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Massive, ancient galaxies have been swallowing their neighbors for billions of years

Published Apr 23rd, 2020 11:14PM EDT
space news

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  • Astronomers discovered that old, massive galaxies tend to be messy and disorderly, and set out to explain why.
  • Computer simulations revealed that large ancient galaxies have likely been swallowing up their smaller neighbors for billions of years.
  • This case of “cosmic munchies” results in unpredictable movement and a messy appearance.
  • Visit BGR’s homepage for more stories.

Thanks to high-powered telescopes, astronomers can peer into space and see distant galaxies of all shapes and sizes. Over the years, observations of many different galaxies have revealed some interesting trends, and explaining why those trends exist can teach us a lot about how our universe has evolved over billions of years.

In a new paper published in The Astrophysical Journal, researchers tackle an issue they often see in particularly large, old galaxies. Massive ancient galaxies have a habit of looking a bit messy from afar. Movement within them tends to be unpredictable. The researchers now believe they have an explanation.

By running simulations with models to show the evolution of such massive galaxies, the scientists discovered that the most likely explanation is that these ancient giants have been eating everything around them for so long that they’ve become somewhat messy.

“We found that in old massive galaxies – those around 10 billion light years away from us – things move around in lots of different directions,” Dr. Anshu Gupta of Australia’s ASTRO 3D said in a statement. “That strongly suggests that many of the stars within them have been acquired from outside. In other words, the big galaxies have been eating the smaller ones.”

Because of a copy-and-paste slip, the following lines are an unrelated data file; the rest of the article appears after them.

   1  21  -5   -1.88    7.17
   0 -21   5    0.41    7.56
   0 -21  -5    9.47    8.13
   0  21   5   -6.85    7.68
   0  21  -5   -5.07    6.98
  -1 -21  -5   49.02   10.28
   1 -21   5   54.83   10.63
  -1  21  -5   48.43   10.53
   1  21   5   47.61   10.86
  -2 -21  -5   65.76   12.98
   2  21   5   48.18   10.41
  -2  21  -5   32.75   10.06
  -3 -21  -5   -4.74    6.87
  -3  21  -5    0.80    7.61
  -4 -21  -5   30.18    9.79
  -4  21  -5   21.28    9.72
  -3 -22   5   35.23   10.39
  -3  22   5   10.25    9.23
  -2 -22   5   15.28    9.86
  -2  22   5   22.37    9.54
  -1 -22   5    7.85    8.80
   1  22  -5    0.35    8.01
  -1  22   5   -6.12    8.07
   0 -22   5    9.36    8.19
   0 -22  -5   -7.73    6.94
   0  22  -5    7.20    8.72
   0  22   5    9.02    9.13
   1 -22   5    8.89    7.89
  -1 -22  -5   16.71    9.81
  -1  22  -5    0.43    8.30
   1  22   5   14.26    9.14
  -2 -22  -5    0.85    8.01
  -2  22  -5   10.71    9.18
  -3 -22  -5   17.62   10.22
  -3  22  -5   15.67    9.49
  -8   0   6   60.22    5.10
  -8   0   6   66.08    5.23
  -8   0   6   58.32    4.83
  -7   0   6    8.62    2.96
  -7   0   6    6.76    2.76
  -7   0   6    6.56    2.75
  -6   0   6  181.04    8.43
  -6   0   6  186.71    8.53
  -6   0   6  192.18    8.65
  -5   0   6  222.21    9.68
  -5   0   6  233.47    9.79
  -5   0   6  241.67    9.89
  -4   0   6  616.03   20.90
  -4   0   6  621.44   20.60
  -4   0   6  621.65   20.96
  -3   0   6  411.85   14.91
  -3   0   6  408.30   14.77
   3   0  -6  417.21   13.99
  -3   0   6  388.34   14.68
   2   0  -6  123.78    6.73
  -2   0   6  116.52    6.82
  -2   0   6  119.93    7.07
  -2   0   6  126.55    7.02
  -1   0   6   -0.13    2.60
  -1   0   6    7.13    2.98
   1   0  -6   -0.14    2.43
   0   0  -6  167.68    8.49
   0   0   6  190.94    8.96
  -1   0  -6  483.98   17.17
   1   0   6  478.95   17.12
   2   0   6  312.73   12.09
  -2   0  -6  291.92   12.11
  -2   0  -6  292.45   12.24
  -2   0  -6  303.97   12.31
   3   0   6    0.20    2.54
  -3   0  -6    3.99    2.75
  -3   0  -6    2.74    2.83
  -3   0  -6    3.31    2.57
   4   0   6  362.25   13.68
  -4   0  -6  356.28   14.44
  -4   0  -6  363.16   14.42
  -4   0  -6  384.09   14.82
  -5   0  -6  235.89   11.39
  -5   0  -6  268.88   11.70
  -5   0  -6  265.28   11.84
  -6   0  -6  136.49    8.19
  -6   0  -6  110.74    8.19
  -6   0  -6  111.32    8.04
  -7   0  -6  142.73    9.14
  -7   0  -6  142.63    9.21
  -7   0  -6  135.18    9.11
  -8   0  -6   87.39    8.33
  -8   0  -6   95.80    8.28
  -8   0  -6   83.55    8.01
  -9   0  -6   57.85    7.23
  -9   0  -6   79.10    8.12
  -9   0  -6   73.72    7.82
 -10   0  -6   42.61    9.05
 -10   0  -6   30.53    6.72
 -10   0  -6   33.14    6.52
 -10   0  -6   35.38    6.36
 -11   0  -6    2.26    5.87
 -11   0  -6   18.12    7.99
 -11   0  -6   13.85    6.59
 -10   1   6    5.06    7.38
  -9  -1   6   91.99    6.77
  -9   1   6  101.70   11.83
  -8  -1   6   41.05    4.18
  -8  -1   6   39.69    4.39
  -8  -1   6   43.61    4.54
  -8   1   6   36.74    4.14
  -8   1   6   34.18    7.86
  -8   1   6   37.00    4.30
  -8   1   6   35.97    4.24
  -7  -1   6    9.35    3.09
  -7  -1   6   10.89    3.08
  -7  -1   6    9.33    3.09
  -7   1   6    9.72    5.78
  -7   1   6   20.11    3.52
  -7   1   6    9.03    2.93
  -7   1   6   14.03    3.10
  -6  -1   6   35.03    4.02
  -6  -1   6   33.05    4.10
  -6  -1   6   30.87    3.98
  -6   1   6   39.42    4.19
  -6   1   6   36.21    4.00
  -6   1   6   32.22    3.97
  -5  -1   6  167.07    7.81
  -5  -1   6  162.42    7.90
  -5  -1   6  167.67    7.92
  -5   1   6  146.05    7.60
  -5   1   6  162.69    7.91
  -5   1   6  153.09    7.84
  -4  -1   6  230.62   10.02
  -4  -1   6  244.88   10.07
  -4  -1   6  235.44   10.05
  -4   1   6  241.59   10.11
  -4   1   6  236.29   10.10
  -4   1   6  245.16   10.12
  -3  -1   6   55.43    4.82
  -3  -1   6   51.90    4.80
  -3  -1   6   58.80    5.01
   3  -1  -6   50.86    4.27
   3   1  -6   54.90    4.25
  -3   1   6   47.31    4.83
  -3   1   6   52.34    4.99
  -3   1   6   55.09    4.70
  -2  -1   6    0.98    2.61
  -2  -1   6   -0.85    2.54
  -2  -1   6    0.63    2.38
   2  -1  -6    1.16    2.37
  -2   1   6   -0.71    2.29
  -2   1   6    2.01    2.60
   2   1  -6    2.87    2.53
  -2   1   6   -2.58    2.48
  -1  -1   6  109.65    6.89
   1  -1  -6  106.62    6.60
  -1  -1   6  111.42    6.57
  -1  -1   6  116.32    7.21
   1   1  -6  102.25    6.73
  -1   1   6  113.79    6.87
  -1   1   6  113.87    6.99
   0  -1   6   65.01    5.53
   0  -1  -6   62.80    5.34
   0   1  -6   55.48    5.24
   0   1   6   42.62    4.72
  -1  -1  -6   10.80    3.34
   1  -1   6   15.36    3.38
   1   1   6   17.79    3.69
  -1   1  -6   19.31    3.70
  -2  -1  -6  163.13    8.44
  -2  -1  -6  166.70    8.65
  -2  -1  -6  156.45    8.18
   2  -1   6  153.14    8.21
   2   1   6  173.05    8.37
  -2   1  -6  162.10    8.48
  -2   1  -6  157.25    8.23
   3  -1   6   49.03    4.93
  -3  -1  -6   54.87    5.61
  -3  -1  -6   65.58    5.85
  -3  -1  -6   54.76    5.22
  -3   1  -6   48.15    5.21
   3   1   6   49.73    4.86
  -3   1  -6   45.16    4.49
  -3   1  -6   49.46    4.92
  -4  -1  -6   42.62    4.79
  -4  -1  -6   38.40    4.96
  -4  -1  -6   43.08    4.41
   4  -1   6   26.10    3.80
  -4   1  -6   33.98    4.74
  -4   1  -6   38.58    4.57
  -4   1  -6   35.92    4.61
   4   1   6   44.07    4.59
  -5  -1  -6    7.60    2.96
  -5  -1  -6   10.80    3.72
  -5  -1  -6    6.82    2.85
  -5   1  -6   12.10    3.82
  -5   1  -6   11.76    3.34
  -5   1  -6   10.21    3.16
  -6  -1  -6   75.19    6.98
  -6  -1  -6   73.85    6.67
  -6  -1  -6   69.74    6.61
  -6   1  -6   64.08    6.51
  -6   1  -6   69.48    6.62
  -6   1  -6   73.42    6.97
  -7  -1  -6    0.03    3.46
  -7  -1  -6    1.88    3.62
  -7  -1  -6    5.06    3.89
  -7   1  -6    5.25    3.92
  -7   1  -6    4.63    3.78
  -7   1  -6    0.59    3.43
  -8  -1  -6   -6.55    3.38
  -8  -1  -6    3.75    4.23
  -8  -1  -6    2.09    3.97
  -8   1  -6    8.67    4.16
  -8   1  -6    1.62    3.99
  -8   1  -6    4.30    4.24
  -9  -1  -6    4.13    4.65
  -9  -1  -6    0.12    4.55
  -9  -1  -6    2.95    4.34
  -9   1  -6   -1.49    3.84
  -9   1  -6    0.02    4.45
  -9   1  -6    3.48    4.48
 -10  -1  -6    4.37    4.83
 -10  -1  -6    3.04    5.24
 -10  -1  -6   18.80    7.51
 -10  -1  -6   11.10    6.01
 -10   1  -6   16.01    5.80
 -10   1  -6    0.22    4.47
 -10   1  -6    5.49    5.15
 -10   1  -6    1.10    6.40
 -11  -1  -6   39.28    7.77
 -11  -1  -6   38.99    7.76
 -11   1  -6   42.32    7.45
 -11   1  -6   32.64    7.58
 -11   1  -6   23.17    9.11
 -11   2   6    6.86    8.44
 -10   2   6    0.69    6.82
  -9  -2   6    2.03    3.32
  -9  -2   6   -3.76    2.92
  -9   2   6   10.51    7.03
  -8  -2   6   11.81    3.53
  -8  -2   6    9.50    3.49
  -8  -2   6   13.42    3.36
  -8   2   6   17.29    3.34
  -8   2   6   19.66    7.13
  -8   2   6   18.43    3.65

When observing more distant, younger large galaxies, they appeared significantly more orderly than the ones which were known to be older. This, the researchers say, is due to the fact that they’ve had less time to swallow up their smaller neighbors. As time passes, they will eventually begin to appear more like their older, more disordered brethren.

“We then had to work out why ‘older’, closer big galaxies were so much more disordered than the ‘younger’, more distant ones,” Dr. Kim-Vy Tran, also of ASTRO 3D, explains. “The most likely explanation is that in the intervening billions of years the surviving galaxies have grown fat and disorderly through incorporating smaller ones. I think of it as big galaxies having a constant case of the cosmic munchies.”

Understanding how galaxies evolve over the long term can teach us a lot about our own galaxy and perhaps predict what the future may hold. We already know that the Milky Way is on a collision course with neighboring giant Andromeda. Thankfully, that won’t happen for several billion years. Studies like this one suggest that such mergers are common, and large old galaxies have been gobbling up their smaller counterparts for a long, long time.

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